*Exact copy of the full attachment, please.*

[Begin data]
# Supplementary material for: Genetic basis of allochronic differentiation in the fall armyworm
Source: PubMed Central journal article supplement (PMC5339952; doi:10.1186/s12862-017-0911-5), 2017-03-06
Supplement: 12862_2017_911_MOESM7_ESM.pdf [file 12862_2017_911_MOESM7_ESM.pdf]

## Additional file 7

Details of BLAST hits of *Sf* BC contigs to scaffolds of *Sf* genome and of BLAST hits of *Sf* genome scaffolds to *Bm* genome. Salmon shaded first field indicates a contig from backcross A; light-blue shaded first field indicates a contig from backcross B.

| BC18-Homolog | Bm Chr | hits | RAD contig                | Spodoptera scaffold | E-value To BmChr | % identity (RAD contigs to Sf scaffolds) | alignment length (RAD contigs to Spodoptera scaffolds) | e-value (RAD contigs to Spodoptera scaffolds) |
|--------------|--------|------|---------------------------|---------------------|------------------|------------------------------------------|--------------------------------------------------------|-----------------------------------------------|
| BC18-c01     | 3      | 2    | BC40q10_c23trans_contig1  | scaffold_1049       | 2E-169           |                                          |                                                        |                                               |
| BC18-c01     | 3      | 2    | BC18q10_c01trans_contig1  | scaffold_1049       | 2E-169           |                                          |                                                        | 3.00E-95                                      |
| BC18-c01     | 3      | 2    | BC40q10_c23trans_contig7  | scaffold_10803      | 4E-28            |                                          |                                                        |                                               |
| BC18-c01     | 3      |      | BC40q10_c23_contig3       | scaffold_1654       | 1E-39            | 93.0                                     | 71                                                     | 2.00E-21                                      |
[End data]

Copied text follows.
# Supplementary material for: Genetic basis of allochronic differentiation in the fall armyworm
Source: PubMed Central journal article supplement (PMC5339952; doi:10.1186/s12862-017-0911-5), 2017-03-06
Supplement: 12862_2017_911_MOESM7_ESM.pdf [file 12862_2017_911_MOESM7_ESM.pdf]

## Additional file 7

Details of BLAST hits of *Sf* BC contigs to scaffolds of *Sf* genome and of BLAST hits of *Sf* genome scaffolds to *Bm* genome. Salmon shaded first field indicates a contig from backcross A; light-blue shaded first field indicates a contig from backcross B.

| BC18-Homolog | Bm Chr | hits | RAD contig                | Spodoptera scaffold | E-value To BmChr | % identity (RAD contigs to Sf scaffolds) | alignment length (RAD contigs to Spodoptera scaffolds) | e-value (RAD contigs to Spodoptera scaffolds) |
|--------------|--------|------|---------------------------|---------------------|------------------|------------------------------------------|--------------------------------------------------------|-----------------------------------------------|
| BC18-c01     | 3      | 2    | BC40q10_c23trans_contig1  | scaffold_1049       | 2E-169           |                                          |                                                        |                                               |
| BC18-c01     | 3      | 2    | BC18q10_c01trans_contig1  | scaffold_1049       | 2E-169           |                                          |                                                        | 3.00E-95                                      |
| BC18-c01     | 3      | 2    | BC40q10_c23trans_contig7  | scaffold_10803      | 4E-28            |                                          |                                                        |                                               |
| BC18-c01     | 3      |      | BC40q10_c23_contig3       | scaffold_1654       | 1E-39            | 93.0                                     | 71                                                     | 2.00E-21                                      |